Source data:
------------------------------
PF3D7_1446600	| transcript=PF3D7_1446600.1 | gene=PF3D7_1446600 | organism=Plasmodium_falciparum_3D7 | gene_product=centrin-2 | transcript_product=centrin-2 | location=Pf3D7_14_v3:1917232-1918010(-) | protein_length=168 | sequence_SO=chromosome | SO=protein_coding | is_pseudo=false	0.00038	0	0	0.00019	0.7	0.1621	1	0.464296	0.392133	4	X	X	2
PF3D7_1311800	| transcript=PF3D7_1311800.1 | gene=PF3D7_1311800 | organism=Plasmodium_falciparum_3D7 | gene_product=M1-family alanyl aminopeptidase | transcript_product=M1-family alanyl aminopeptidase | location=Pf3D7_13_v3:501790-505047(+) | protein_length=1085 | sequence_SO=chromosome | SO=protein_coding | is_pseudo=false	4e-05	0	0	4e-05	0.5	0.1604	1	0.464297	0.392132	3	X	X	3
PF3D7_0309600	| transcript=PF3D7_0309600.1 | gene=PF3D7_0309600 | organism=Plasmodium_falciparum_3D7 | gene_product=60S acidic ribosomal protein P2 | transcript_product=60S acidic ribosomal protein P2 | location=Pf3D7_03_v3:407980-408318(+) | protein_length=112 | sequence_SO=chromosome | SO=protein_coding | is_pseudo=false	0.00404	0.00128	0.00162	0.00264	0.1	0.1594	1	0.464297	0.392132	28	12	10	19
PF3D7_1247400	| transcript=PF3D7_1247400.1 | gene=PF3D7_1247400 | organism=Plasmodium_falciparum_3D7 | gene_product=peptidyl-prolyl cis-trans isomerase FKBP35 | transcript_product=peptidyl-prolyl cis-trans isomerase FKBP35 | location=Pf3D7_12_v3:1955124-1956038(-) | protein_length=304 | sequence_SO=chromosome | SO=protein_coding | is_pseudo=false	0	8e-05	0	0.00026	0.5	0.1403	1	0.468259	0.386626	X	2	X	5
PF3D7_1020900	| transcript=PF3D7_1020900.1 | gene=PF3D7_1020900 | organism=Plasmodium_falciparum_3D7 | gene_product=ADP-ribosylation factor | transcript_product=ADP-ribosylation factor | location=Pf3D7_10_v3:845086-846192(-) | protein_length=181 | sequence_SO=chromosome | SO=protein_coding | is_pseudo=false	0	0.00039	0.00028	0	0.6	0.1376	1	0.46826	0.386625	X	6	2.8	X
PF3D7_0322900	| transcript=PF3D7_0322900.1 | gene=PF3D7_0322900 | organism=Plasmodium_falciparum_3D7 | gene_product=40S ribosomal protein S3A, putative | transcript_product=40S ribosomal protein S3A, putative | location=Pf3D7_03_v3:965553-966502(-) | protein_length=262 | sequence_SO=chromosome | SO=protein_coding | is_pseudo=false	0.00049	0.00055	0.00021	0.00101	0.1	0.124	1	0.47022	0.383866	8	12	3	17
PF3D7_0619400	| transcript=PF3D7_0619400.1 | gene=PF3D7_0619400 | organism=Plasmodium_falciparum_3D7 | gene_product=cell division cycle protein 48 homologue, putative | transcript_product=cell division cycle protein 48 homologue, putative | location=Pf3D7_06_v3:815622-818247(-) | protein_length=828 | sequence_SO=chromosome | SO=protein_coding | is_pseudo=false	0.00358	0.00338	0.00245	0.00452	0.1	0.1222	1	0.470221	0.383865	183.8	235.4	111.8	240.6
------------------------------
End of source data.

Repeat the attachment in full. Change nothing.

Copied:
PF3D7_1446600	| transcript=PF3D7_1446600.1 | gene=PF3D7_1446600 | organism=Plasmodium_falciparum_3D7 | gene_product=centrin-2 | transcript_product=centrin-2 | location=Pf3D7_14_v3:1917232-1918010(-) | protein_length=168 | sequence_SO=chromosome | SO=protein_coding | is_pseudo=false	0.00038	0	0	0.00019	0.7	0.1621	1	0.464296	0.392133	4	X	X	2
PF3D7_1311800	| transcript=PF3D7_1311800.1 | gene=PF3D7_1311800 | organism=Plasmodium_falciparum_3D7 | gene_product=M1-family alanyl aminopeptidase | transcript_product=M1-family alanyl aminopeptidase | location=Pf3D7_13_v3:501790-505047(+) | protein_length=1085 | sequence_SO=chromosome | SO=protein_coding | is_pseudo=false	4e-05	0	0	4e-05	0.5	0.1604	1	0.464297	0.392132	3	X	X	3
PF3D7_0309600	| transcript=PF3D7_0309600.1 | gene=PF3D7_0309600 | organism=Plasmodium_falciparum_3D7 | gene_product=60S acidic ribosomal protein P2 | transcript_product=60S acidic ribosomal protein P2 | location=Pf3D7_03_v3:407980-408318(+) | protein_length=112 | sequence_SO=chromosome | SO=protein_coding | is_pseudo=false	0.00404	0.00128	0.00162	0.00264	0.1	0.1594	1	0.464297	0.392132	28	12	10	19
PF3D7_1247400	| transcript=PF3D7_1247400.1 | gene=PF3D7_1247400 | organism=Plasmodium_falciparum_3D7 | gene_product=peptidyl-prolyl cis-trans isomerase FKBP35 | transcript_product=peptidyl-prolyl cis-trans isomerase FKBP35 | location=Pf3D7_12_v3:1955124-1956038(-) | protein_length=304 | sequence_SO=chromosome | SO=protein_coding | is_pseudo=false	0	8e-05	0	0.00026	0.5	0.1403	1	0.468259	0.386626	X	2	X	5
PF3D7_1020900	| transcript=PF3D7_1020900.1 | gene=PF3D7_1020900 | organism=Plasmodium_falciparum_3D7 | gene_product=ADP-ribosylation factor | transcript_product=ADP-ribosylation factor | location=Pf3D7_10_v3:845086-846192(-) | protein_length=181 | sequence_SO=chromosome | SO=protein_coding | is_pseudo=false	0	0.00039	0.00028	0	0.6	0.1376	1	0.46826	0.386625	X	6	2.8	X
PF3D7_0322900	| transcript=PF3D7_0322900.1 | gene=PF3D7_0322900 | organism=Plasmodium_falciparum_3D7 | gene_product=40S ribosomal protein S3A, putative | transcript_product=40S ribosomal protein S3A, putative | location=Pf3D7_03_v3:965553-966502(-) | protein_length=262 | sequence_SO=chromosome | SO=protein_coding | is_pseudo=false	0.00049	0.00055	0.00021	0.00101	0.1	0.124	1	0.47022	0.383866	8	12	3	17
PF3D7_0619400	| transcript=PF3D7_0619400.1 | gene=PF3D7_0619400 | organism=Plasmodium_falciparum_3D7 | gene_product=cell division cycle protein 48 homologue, putative | transcript_product=cell division cycle protein 48 homologue, putative | location=Pf3D7_06_v3:815622-818247(-) | protein_length=828 | sequence_SO=chromosome | SO=protein_coding | is_pseudo=false	0.00358	0.00338	0.00245	0.00452	0.1	0.1222	1	0.470221	0.383865	183.8	235.4	111.8	240.6